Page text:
“Our early plant was pretty well bang on what we thought would go in, or back a little back, because in September there was still a few storms coming through and it was too wet to get on paddocks.

“About 80pc of the early stuff went in on time.

“In the November-December plant, we would be back to 60pc in them due to the dry paddocks.”

Mungindi grower Sam Heagney recently hosted a NSW DPI field walk. The event showcased new techniques to increase sorghum reliability in the region. Photo: Sam Heagney

Wet hampers early NSW crops

Despite being hit with more prolonged rainfall and persistent flooding than their northern neighbours, NSW growers also reported seeing the effects of a seasonal shift from wet to dry weather.

NSW DPI summer grains research agronomist Loretta Serafin said this has resulted in “very spread out” sorghum crops ranging from very early to very late plantings.

She said growers took the opportunity when they could to get a crop in the ground.

“We have everything from…the people who started planting in the north-west corner of NSW in the mid-August timing to people who started planting Boxing Day-early new year,” Ms Serafin said.

“As you come down to the Liverpool Plains, there are people who have taken the opportunity to try and plant early January.

“The majority of the crop that I have seen, certainly traveling from Tamworth up to Mungindi…seems to be split into either the grain-fill stages or the crops at that 10-12 leaf stage and getting close to flowering.”

Ms Serafin said many growers were hoping for some decent rain in the coming weeks to push the crops further.

“Small falls of rain have been good to soften things up, but generally we have seen…the soils really crack open and the crops would really like some rain.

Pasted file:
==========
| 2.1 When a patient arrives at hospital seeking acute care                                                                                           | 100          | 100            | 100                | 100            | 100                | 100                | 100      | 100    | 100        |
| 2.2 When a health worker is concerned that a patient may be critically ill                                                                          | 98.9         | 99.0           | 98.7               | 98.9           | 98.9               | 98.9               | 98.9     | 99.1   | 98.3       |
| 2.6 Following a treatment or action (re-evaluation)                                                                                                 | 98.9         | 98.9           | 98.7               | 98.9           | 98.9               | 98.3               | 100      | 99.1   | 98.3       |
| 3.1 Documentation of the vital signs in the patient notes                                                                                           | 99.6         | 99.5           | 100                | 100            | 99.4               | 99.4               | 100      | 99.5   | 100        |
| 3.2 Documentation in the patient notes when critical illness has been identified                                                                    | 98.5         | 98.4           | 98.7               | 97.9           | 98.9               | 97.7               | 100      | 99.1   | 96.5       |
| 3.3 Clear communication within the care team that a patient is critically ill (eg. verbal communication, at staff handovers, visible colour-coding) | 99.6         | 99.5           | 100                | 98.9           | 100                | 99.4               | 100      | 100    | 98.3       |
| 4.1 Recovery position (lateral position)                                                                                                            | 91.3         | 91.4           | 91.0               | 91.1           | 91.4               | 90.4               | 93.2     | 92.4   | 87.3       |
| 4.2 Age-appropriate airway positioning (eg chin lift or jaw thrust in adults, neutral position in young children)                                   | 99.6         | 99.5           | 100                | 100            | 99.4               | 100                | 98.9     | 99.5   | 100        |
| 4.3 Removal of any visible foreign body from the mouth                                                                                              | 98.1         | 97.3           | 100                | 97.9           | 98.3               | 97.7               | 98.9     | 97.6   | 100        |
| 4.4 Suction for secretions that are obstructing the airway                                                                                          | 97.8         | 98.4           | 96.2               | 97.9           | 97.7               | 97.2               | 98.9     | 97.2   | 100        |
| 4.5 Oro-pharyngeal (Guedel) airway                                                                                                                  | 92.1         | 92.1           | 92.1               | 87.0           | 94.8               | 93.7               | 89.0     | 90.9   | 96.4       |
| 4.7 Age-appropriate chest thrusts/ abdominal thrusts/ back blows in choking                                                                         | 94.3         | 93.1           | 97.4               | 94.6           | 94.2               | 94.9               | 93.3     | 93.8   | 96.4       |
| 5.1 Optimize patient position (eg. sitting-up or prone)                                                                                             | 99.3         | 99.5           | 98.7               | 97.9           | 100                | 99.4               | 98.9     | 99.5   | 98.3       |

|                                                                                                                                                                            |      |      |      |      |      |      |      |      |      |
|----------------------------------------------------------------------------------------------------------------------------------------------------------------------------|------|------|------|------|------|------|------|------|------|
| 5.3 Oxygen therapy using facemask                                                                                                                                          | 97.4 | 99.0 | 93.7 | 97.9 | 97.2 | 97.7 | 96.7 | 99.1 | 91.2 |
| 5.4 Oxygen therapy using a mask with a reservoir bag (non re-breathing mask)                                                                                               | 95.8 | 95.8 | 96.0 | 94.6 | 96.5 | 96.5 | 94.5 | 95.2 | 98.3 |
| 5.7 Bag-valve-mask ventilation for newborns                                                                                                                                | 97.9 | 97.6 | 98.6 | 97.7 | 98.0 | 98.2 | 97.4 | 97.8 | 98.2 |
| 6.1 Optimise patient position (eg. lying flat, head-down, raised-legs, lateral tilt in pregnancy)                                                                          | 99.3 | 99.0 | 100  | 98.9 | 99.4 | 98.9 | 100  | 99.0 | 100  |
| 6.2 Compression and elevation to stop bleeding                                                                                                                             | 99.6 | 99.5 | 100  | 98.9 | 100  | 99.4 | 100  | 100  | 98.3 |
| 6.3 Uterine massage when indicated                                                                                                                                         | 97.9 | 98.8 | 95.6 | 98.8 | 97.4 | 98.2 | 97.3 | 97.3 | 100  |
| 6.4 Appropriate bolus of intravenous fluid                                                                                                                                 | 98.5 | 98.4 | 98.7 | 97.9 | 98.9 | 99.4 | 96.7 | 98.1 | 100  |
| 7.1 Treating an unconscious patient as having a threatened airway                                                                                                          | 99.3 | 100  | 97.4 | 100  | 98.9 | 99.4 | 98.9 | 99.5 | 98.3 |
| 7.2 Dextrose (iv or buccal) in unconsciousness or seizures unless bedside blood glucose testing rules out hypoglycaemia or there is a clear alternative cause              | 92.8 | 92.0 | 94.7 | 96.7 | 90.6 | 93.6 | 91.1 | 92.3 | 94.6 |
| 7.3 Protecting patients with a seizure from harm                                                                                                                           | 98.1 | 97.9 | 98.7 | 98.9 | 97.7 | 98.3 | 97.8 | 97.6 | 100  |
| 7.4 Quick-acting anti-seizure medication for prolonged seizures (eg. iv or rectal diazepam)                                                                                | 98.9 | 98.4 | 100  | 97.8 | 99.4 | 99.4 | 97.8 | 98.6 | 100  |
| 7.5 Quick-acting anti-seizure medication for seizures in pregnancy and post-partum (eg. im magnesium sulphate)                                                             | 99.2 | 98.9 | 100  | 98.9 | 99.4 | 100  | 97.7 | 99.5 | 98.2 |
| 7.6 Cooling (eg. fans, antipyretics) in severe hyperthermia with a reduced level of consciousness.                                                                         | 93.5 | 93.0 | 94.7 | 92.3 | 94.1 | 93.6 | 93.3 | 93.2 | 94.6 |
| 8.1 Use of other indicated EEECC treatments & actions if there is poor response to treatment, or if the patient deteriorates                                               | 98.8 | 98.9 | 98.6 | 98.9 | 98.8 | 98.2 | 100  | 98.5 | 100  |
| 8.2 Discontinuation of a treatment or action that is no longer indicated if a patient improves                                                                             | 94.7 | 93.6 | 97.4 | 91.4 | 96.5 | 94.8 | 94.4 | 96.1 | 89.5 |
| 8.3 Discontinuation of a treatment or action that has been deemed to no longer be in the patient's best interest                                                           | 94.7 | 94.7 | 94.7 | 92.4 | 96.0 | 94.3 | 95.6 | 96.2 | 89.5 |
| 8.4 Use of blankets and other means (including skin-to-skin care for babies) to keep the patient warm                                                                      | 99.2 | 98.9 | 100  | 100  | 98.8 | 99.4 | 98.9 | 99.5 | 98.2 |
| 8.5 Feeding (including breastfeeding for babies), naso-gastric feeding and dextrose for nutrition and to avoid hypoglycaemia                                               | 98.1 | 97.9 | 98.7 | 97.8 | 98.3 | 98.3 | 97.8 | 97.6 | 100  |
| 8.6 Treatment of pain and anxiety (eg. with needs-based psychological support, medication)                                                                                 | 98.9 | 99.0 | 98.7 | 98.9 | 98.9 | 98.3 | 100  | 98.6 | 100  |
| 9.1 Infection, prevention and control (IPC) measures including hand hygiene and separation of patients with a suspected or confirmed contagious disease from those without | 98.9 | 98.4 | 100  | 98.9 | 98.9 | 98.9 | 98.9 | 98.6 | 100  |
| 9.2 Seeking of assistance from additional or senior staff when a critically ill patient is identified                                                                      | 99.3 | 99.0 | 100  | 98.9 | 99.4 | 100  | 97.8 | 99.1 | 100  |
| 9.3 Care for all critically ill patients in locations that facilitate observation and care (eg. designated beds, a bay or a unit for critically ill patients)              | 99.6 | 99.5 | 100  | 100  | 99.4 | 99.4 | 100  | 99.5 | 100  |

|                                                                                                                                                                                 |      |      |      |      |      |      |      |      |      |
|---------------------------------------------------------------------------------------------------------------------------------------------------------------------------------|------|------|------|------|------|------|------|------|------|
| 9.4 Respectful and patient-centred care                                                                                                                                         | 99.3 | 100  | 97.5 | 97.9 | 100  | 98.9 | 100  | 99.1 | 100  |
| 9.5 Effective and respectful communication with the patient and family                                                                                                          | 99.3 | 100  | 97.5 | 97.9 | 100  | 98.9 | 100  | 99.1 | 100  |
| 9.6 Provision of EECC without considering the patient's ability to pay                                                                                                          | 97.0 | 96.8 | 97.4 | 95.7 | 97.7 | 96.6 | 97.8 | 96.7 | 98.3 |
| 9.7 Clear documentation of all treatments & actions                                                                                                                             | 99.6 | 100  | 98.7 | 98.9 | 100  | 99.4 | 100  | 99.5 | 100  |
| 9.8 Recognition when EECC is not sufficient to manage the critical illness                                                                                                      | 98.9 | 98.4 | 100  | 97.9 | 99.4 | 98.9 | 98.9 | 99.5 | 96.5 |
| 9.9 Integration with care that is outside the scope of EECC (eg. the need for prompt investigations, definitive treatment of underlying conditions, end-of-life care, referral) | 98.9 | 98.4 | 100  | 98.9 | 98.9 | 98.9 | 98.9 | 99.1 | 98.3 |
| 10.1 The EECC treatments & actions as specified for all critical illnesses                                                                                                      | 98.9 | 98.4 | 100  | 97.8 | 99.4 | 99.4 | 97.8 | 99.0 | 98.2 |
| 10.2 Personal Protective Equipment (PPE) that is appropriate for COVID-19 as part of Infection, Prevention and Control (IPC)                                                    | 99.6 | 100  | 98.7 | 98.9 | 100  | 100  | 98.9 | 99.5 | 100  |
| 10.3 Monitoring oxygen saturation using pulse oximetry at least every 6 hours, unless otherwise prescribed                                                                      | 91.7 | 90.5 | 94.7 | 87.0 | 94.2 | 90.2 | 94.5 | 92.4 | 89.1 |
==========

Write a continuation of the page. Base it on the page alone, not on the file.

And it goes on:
“I think there are quite a few people who are hoping that there will be some rainfall out of this front coming through at the moment.”

Growers take planting opportunities

Mungindi grower, Sam Heagney of South Bunarba Agriculture said he, like many in his district, took any opportunity they could to get a crop in the ground.

He said his September and late-December planted crops were sown later than expected.

Mr Heagney said wet paddocks delayed the early crop, while dry conditions hindered the later planting.

“It is extremely frustrating having it go from being extremely wet with a full profile to have it set hard on top from the floods,” Mr Heagney said.

“In the end we were able to get some late sorghum in, which is unusual, but it was a case of a bird in the hand is worth two in the bush.”

Mr Heagney said he will begin harvesting the early crop in late February.

He said these crops are “looking good” and should yield above average.

It is still too early to tell how the December crop will develop.

“There is a lot to happen there, so we will see how it goes.”

Minimal pest concerns

On a positive note, agronomists in NSW and Queensland have reported limited pest infestation or damage this season.

Ms Serafin said, unlike previous years, there have been minimal reports of mice, but Rutherglen bugs and heliothis are around.

“Definitely for the crops near flowering at the moment, there has been a fair bit of Rutherglen bug pressure.

“Some of that is no doubt because those insects are moving out of crop that has been harvested.”

Mr Dalgliesh said he has seen heliothis in early crops, but minimal infestation in later crops.

“Heliothis was very high in the early plant, but they have backed off.

“Since then, it has been relatively quiet; we haven’t sprayed for any midge, we haven’t sprayed for any late heliothis.”

NSW and Queensland are expected to produce 2.6 million tonnes of sorghum this season, according to ABARES December Crop Report.

This is the fourth highest on record.

Most of this will come from Queensland, with 1.9Mt, a 7pc increase on last year.

NSW is predicted to see a 24pc drop in production at 722,000t.